In broad terms, sustainable development is a process that aims for human well-being and economic development, whilst ensuring that ecological systems are in balance. To be successfully achieve this necessary and challenging change, it is vitally important for everyone to take responsibility and do what is possible from their perspective.
What is sustainable development?
Sustainable development is commonly described as finding a balance between ecology, the economy and society – three interdependent areas in a complex system. Yet it is important to remember that neither society nor the economy would exist without diverse ecology.
As a designer, there are significant possibilities to influence development but it always helps if the work of designers is done in partnership with governments, businesses and consumers. When entities in different areas of expertise and responsibility communicate effectively with each other, shared knowledge can often lead to greater understanding.
“Sustainable development is development that meets the needs of the present without compromising the ability of future generations to meet their own needs”
-The Brundtland Commission definition from 1987
People + Planet + Business = Sustainable Development
Designers do not need to become experts in environmental and social issues to make a difference. A basic awareness and understanding of these areas, however, increases their ability to do the right thing from the beginning.
People: Understanding the needs of stakeholders
Pertains to social, fair and beneficial business practices towards labour, stakeholders and the community and region in which a company conducts its business. Within the design process, the needs, key activities, environments, interactions and aim of users, network partners and stakeholders are considered.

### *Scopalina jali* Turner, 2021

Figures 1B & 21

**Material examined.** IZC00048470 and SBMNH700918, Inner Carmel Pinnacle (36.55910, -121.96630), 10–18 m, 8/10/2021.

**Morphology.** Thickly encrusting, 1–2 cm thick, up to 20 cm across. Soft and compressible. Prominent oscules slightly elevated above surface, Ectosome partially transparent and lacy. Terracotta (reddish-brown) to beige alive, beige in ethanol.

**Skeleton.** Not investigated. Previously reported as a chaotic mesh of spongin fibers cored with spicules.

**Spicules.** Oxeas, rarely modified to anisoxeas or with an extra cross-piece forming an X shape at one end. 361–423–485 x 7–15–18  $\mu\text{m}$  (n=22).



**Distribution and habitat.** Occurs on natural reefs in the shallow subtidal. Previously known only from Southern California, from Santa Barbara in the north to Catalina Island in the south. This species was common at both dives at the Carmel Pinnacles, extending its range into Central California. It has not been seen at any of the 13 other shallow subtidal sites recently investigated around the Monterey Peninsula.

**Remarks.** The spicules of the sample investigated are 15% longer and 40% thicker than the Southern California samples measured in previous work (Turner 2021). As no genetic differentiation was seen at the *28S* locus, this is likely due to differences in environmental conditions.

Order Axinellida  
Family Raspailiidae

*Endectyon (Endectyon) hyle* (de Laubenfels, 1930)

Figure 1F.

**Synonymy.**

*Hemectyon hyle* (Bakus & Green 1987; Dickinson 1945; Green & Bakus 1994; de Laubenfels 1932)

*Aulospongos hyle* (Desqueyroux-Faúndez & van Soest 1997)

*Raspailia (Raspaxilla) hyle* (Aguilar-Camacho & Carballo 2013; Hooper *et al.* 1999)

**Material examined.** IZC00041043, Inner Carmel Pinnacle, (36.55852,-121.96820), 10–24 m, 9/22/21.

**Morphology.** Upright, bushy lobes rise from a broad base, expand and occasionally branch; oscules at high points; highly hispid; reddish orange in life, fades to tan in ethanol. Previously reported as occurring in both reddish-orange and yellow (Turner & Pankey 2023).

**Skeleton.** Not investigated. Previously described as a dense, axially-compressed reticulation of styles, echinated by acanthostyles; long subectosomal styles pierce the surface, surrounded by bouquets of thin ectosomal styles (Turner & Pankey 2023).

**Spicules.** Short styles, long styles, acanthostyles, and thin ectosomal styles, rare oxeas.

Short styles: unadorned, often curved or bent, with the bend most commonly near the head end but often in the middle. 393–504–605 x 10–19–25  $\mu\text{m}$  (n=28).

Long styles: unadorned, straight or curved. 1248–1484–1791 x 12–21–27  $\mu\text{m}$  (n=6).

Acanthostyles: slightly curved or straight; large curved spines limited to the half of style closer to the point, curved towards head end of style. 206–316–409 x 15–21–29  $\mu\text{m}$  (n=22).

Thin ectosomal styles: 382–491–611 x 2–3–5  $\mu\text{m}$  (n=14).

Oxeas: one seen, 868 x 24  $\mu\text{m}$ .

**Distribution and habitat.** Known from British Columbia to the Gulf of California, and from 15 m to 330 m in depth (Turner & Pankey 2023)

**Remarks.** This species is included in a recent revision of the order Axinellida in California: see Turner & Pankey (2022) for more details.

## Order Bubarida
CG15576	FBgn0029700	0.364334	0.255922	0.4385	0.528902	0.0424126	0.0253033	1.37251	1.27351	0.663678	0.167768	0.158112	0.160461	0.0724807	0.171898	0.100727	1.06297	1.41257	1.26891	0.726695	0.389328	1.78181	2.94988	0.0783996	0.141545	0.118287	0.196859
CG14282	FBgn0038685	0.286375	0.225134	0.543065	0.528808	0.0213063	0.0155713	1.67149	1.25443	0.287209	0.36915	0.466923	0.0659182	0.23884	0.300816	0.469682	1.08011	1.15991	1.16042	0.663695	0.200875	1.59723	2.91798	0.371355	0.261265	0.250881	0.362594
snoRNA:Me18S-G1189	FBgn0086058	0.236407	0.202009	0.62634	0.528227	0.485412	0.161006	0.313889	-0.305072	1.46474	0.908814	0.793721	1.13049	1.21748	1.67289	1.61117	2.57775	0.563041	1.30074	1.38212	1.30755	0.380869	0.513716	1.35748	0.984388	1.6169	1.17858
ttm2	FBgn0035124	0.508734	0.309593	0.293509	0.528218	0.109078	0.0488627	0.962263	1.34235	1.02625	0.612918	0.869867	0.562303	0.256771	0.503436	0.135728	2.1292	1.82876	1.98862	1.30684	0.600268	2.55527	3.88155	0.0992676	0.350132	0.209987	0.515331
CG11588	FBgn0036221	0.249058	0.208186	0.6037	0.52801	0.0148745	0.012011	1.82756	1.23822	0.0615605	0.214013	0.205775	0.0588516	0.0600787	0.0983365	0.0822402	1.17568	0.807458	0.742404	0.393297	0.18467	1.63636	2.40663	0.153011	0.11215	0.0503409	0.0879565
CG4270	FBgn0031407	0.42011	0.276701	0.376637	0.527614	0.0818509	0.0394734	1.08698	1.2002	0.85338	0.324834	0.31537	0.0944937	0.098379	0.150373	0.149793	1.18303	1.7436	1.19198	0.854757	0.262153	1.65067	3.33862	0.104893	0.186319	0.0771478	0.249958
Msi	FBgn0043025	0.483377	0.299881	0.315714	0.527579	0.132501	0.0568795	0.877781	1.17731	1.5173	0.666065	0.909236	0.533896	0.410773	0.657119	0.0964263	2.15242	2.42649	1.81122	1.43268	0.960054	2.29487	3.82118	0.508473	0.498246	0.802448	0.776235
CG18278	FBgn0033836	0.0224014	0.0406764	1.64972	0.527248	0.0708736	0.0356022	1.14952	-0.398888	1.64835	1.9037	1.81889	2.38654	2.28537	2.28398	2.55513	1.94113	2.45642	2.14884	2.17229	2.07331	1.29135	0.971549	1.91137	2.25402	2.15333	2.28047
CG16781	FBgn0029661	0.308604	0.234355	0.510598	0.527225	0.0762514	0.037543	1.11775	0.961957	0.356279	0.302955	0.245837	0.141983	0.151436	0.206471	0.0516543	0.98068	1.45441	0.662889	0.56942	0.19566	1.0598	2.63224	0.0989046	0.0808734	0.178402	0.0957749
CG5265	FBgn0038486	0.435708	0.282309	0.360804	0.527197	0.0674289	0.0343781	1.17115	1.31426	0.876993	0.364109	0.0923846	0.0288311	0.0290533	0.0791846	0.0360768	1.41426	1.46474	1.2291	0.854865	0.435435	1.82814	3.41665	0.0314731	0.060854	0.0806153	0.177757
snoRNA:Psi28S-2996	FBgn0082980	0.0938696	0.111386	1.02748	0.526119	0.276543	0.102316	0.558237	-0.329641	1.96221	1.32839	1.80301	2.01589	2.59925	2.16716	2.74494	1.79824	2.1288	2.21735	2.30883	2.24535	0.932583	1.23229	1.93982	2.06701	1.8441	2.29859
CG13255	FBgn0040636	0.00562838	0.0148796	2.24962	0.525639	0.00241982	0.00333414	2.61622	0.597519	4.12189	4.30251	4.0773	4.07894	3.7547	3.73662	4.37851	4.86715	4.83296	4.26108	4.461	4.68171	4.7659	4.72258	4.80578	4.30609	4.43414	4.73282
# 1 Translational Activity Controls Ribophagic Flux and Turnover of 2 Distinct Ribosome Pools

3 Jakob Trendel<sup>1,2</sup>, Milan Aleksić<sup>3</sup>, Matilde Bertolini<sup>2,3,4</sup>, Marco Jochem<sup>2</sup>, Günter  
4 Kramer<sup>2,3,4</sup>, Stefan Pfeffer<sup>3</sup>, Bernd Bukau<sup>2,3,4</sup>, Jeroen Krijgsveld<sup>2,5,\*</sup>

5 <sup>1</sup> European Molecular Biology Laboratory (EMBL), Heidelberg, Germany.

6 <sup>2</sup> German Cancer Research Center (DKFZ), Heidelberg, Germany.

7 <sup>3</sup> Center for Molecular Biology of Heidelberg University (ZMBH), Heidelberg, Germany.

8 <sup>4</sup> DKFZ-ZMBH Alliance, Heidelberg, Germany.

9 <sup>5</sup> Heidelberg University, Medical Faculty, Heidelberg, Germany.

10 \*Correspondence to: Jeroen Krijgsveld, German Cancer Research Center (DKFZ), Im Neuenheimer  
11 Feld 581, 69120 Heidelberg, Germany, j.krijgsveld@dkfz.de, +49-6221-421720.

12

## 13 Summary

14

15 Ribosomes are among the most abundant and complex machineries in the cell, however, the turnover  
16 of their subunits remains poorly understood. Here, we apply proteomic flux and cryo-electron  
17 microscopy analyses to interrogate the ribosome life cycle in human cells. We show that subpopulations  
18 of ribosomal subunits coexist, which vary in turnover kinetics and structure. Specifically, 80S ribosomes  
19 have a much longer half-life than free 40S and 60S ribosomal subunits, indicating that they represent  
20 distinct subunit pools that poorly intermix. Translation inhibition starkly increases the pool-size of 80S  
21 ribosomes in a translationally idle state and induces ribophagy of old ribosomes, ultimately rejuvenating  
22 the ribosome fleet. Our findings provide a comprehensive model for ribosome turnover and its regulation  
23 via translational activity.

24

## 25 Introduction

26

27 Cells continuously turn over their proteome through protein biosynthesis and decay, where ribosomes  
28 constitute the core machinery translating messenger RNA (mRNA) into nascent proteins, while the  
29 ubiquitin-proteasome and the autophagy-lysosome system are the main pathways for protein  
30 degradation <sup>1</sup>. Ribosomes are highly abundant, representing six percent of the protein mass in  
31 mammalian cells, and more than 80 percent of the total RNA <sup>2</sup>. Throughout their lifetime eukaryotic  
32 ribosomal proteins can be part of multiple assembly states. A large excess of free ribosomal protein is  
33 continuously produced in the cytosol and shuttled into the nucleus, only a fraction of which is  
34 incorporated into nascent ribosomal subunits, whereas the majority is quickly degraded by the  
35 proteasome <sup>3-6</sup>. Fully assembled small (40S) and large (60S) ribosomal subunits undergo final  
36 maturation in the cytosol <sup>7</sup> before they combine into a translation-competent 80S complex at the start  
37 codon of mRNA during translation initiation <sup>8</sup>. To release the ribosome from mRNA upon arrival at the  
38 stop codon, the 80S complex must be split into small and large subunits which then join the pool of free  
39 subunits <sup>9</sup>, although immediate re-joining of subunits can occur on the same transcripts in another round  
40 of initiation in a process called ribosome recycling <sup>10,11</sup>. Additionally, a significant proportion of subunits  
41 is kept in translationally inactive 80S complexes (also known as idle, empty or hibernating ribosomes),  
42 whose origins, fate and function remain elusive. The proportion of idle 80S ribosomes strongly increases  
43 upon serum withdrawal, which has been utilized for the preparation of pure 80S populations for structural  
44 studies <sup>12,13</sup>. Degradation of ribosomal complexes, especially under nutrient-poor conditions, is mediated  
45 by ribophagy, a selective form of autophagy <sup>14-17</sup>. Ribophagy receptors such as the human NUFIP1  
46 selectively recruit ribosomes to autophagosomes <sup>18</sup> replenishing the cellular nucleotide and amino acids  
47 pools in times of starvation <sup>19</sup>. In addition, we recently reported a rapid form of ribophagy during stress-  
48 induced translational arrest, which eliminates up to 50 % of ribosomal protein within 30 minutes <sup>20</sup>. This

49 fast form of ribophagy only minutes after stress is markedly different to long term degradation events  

Planet: Designing environmentally friendly solutions
“Planet” refers to sustainable environmental practices. The business endeavours to benefit the nature as much as possible or at the least do no harm and minimise environmental impact. The “Planet” principle supports the design of an environmentally friendly solution, integrating a lifecycle approach and aiming to minimise the environmental impact of the business.
Business/profit: Creating economic, social and ecologic benefits
Profit is the economic value created by the organisation for the host community. The business (model) takes into account social, economic and environmental costs and benefits.
Sustainable Development Goals: Framework for Strategic Sustainable Development Goals
On 25 September 2015, at the 2015 World Summit on Sustainable Development at the United Nations Headquarters in New York, the 17 “Sustainable Development Goals” were adopted accordingly by the United Nations General Assembly. This resolution is considered to be the most ambitious agenda “against poverty and for the planet” ever decided upon